"It is your fault you were scared." Hyou narrowed his feline eyes and smiled like a wildcat would before pouncing on a snowy rabbit. "You got lost in that big head of yours again, didn't you?"
Hyou poked the center of his forehead hard, hard enough to make Touya wince. Watching his face grimace in pain only made Hyou grin more.
"Too much thinking is bad for you, you know that? You should listen to my father. If you had, you would not have been scared. Father says to never drop your guard, to always observe and be aware of your surroundings, and always be ready to strike even in your own home. If I had been one of them…" Touya followed Hyou's tightly controlled gaze pointing in the direction of the other tribe's houses, "…you would be dead, little cousin."
Touya canted his eyes. "You sound too much like Uncle when you talk like that." There was a light hint of concern voiced in his words, but he doubted Hyou was perceptive enough to pick up on it. Touya would be right.
Haughtily, Hyou raised his head and peered down at him with a superior smile. "That's good then. My father is a wise man, even wiser than our chief. At least, my father knows the other tribe is dangerous. He would not have allowed those beasts to stay. He would have killed them immediately."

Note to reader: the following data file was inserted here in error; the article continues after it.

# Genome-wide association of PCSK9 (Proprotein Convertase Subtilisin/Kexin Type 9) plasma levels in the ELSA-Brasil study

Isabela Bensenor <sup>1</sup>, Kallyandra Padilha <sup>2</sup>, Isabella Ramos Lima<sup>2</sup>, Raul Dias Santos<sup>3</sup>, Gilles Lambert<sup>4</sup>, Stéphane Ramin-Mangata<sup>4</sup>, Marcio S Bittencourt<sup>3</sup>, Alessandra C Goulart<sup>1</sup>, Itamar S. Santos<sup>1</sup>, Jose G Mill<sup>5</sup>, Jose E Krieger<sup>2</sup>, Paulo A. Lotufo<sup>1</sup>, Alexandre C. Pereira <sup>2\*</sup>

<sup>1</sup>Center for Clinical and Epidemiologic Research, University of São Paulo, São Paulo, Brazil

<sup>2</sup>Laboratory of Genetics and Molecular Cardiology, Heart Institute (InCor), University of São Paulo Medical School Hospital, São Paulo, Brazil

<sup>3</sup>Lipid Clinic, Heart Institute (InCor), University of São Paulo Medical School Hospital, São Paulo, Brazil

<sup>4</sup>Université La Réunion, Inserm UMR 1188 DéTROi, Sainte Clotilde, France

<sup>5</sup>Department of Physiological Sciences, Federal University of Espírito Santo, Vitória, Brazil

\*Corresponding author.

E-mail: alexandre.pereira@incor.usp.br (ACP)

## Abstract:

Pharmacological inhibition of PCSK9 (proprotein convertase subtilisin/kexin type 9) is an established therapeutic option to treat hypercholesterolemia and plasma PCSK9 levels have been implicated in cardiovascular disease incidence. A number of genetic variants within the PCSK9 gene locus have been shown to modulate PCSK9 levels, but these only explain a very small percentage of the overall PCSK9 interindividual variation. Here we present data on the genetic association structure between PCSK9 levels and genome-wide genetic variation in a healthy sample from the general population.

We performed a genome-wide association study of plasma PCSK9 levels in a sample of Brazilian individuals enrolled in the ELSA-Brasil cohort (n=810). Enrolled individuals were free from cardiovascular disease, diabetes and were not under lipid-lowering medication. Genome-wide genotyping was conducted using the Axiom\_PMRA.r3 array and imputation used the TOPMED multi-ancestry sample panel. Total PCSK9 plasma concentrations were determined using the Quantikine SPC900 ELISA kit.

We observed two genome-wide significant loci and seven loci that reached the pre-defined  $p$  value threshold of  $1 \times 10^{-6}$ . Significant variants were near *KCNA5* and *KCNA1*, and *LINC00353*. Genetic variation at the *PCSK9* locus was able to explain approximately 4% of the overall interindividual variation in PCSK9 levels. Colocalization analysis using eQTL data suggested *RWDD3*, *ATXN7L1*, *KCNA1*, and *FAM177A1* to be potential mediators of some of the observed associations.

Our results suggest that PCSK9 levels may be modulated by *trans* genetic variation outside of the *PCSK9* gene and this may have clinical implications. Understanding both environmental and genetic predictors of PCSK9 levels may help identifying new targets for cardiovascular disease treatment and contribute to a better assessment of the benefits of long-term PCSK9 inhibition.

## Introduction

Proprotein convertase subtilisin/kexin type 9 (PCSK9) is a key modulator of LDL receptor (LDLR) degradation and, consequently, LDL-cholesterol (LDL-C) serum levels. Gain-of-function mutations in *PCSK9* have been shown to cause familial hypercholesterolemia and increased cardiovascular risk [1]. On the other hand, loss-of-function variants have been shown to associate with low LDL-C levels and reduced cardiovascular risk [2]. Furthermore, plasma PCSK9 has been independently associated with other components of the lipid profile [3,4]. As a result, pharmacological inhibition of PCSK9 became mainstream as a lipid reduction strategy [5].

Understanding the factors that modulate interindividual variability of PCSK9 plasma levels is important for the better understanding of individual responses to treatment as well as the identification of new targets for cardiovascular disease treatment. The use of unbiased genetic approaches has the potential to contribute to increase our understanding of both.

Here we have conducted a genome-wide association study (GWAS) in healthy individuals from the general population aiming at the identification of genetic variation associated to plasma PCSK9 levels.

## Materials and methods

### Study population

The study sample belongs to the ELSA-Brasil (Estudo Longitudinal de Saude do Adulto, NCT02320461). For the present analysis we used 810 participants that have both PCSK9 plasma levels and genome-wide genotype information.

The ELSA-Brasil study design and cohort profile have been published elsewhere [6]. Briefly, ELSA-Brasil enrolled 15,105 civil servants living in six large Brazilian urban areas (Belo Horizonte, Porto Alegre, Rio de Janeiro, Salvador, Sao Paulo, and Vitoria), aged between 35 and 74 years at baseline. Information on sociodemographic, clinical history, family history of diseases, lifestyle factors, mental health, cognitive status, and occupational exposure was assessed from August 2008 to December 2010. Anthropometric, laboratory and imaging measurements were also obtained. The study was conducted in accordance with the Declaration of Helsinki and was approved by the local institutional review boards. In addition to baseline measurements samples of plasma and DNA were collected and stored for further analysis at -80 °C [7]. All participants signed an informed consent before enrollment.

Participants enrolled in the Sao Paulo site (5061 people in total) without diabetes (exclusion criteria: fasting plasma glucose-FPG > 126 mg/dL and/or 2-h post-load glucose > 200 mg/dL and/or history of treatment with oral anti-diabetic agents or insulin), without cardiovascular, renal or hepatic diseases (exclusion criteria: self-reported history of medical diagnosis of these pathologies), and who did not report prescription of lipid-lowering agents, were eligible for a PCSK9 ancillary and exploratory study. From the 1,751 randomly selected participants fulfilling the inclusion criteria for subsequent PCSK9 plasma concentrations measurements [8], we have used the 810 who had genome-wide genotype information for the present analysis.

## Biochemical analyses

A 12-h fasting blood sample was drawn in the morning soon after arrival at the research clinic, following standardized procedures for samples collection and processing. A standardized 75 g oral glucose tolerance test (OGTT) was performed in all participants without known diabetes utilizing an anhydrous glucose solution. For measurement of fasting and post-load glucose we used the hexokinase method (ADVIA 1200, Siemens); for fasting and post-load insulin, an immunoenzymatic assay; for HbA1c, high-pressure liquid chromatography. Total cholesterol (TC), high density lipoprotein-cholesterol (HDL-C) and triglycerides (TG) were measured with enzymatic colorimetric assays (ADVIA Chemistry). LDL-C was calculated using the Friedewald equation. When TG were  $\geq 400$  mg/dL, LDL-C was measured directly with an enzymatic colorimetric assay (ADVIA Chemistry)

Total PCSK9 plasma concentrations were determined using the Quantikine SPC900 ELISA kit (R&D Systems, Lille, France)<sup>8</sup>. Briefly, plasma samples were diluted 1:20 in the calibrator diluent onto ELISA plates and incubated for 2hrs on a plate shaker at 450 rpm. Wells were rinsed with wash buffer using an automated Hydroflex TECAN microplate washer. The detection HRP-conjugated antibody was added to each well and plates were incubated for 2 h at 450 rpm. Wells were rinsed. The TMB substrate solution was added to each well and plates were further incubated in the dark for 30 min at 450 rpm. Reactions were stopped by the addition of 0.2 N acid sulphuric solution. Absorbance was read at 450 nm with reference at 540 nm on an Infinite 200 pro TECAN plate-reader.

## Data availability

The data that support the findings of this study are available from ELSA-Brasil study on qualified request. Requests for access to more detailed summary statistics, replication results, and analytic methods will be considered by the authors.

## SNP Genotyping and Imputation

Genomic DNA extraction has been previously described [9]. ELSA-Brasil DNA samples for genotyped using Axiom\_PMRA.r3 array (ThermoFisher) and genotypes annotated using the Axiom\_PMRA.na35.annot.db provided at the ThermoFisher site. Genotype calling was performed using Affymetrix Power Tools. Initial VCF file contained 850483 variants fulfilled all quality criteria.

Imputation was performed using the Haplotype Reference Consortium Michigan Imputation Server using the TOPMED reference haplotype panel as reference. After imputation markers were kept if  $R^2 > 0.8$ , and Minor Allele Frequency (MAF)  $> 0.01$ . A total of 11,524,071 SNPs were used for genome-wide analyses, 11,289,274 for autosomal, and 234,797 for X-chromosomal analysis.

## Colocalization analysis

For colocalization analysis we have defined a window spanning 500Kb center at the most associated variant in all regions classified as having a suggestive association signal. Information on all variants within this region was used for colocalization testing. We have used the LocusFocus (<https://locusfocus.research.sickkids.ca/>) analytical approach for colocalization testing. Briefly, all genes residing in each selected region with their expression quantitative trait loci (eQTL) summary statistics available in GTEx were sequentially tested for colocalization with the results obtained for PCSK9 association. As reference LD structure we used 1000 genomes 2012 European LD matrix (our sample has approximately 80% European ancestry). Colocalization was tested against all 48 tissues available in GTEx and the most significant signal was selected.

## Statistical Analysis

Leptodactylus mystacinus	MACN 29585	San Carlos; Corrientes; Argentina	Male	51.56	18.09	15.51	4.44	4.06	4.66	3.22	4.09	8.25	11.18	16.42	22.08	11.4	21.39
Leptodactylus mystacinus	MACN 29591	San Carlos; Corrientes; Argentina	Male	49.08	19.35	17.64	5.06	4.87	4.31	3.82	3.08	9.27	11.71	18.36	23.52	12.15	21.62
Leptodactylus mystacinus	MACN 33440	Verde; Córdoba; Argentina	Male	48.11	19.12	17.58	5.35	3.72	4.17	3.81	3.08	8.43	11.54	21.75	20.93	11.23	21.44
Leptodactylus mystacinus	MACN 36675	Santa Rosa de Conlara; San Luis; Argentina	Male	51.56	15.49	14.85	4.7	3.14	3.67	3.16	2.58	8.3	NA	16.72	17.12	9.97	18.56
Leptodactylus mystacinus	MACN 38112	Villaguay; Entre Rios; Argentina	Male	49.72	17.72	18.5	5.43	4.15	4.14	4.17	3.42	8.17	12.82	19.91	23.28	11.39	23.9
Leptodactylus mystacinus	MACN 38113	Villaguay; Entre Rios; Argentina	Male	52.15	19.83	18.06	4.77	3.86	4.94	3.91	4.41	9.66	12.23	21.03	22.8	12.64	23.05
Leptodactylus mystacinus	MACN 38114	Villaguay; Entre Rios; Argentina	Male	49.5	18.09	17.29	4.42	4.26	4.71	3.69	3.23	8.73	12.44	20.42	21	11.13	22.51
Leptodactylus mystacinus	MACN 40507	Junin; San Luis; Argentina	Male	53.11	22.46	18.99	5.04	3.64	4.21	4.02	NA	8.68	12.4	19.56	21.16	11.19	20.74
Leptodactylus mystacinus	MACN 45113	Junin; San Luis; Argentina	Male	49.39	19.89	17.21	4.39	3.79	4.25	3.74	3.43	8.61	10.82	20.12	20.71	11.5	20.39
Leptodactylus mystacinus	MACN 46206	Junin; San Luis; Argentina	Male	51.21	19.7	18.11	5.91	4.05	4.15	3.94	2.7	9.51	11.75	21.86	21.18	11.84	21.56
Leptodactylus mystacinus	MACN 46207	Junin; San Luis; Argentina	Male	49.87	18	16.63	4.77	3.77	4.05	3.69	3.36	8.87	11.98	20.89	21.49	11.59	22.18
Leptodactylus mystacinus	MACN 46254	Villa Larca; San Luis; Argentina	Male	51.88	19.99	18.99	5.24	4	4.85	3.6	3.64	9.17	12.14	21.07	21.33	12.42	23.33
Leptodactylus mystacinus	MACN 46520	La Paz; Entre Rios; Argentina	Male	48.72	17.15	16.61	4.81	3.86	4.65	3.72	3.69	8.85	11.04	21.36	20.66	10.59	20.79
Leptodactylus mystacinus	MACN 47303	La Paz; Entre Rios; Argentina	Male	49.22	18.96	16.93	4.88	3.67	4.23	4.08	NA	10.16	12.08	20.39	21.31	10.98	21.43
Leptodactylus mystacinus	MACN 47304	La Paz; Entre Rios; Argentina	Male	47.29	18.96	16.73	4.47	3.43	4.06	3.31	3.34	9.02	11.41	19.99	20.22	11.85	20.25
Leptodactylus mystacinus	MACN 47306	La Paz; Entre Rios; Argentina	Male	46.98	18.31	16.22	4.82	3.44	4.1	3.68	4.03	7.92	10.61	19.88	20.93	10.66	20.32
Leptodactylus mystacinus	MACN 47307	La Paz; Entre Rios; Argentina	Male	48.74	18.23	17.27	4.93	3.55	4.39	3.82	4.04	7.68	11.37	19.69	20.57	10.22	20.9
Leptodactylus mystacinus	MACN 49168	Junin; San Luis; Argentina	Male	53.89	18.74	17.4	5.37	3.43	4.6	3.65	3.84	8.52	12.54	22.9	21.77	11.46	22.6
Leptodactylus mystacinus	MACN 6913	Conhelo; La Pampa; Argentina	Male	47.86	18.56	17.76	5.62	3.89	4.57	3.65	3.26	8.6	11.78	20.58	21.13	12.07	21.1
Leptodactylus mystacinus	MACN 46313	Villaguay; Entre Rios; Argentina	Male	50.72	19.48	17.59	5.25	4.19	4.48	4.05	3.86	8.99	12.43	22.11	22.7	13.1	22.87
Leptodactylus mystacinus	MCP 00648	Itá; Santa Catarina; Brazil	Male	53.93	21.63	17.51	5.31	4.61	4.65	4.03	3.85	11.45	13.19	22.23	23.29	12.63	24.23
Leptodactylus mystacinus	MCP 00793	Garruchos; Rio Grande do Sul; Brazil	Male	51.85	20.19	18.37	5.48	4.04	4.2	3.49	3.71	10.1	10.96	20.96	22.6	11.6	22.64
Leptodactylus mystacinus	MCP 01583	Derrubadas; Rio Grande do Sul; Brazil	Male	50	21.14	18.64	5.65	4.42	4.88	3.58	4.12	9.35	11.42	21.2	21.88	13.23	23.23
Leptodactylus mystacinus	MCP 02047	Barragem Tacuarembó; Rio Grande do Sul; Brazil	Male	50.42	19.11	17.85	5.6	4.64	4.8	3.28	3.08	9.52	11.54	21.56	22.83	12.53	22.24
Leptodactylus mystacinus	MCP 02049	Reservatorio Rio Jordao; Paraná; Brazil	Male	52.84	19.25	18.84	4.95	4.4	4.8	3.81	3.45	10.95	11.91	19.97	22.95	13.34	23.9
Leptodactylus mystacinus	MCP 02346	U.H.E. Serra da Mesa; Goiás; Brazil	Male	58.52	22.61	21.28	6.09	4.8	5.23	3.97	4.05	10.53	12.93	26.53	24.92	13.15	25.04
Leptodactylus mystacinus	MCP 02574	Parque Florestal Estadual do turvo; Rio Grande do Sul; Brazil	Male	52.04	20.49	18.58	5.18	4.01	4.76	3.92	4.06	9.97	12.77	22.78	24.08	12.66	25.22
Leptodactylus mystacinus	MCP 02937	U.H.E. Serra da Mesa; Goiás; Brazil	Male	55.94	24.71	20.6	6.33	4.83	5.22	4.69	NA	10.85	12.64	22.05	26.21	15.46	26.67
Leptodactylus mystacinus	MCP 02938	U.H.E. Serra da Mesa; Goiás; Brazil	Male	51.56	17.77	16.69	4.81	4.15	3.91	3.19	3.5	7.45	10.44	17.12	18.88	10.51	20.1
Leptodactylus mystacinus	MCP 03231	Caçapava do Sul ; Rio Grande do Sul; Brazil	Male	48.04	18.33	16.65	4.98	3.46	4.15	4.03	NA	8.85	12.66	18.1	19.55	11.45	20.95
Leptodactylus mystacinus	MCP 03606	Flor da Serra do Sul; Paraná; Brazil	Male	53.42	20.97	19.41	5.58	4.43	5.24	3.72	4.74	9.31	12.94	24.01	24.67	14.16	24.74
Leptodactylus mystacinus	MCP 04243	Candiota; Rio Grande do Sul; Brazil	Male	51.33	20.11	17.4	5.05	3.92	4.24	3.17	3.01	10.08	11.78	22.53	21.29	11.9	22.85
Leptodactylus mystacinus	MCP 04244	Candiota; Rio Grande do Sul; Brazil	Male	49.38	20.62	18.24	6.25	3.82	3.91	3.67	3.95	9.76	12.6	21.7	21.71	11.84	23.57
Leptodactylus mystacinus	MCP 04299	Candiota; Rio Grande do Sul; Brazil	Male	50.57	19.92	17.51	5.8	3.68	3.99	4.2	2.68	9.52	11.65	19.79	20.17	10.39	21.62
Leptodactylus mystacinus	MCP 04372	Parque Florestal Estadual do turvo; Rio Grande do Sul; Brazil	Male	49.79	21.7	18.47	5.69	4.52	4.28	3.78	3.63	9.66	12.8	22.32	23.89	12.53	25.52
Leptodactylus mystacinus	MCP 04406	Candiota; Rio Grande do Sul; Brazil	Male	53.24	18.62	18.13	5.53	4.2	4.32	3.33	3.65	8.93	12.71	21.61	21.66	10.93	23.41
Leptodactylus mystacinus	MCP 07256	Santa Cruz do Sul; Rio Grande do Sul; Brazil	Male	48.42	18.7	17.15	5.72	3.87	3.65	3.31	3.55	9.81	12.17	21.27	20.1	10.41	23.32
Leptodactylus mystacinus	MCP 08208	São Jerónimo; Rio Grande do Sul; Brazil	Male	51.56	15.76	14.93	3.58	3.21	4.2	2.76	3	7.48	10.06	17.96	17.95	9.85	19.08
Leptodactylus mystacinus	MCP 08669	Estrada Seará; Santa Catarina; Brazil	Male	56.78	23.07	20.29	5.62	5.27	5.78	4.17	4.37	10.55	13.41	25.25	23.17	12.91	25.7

"I am…not convinced." Touya said. "Perhaps Uncle is wrong—"
Hyou cut off Touya's words with a withering glare. Though Hyou's handsome face was a perfect emotionless mask of ice, Touya could see the blizzard whirling in his pale gray eyes. Hyou would not hit him, but Touya could see the threat was imminent.
"Do not dare speak ill of my father in his own home," he said firmly. As if the sight of Touya disgusted him, Hyou averted his gaze, shifting it to the right of Touya, and released a curt snort out of his flared nostrils. "Besides, what do you know? You're ignorant of the other tribe. My father saw them. He was there with the Chief when he first laid eyes on them and he told me they were savages. Big, furry-headed savages with loud voices and huge mouths that could swallow someone your size in one gulp." He grinned again, the wildcat once more unleashed to prey on vermin.
Maybe his uncle told Hyou that and maybe not. Probably not. The story was too sensational for his uncle's austere sensibilities, and having spent most of his childhood terrorized by Hyou's horror stories, Touya could tell when he was spinning a yarn just to scare him. Two problems rallied against Hyou's tale. First, Touya wasn't a gullible kid anymore. Second, Hyou didn't know he had already seen someone from the other tribe. And it was rare Touya had this sort of advantage over his cousin.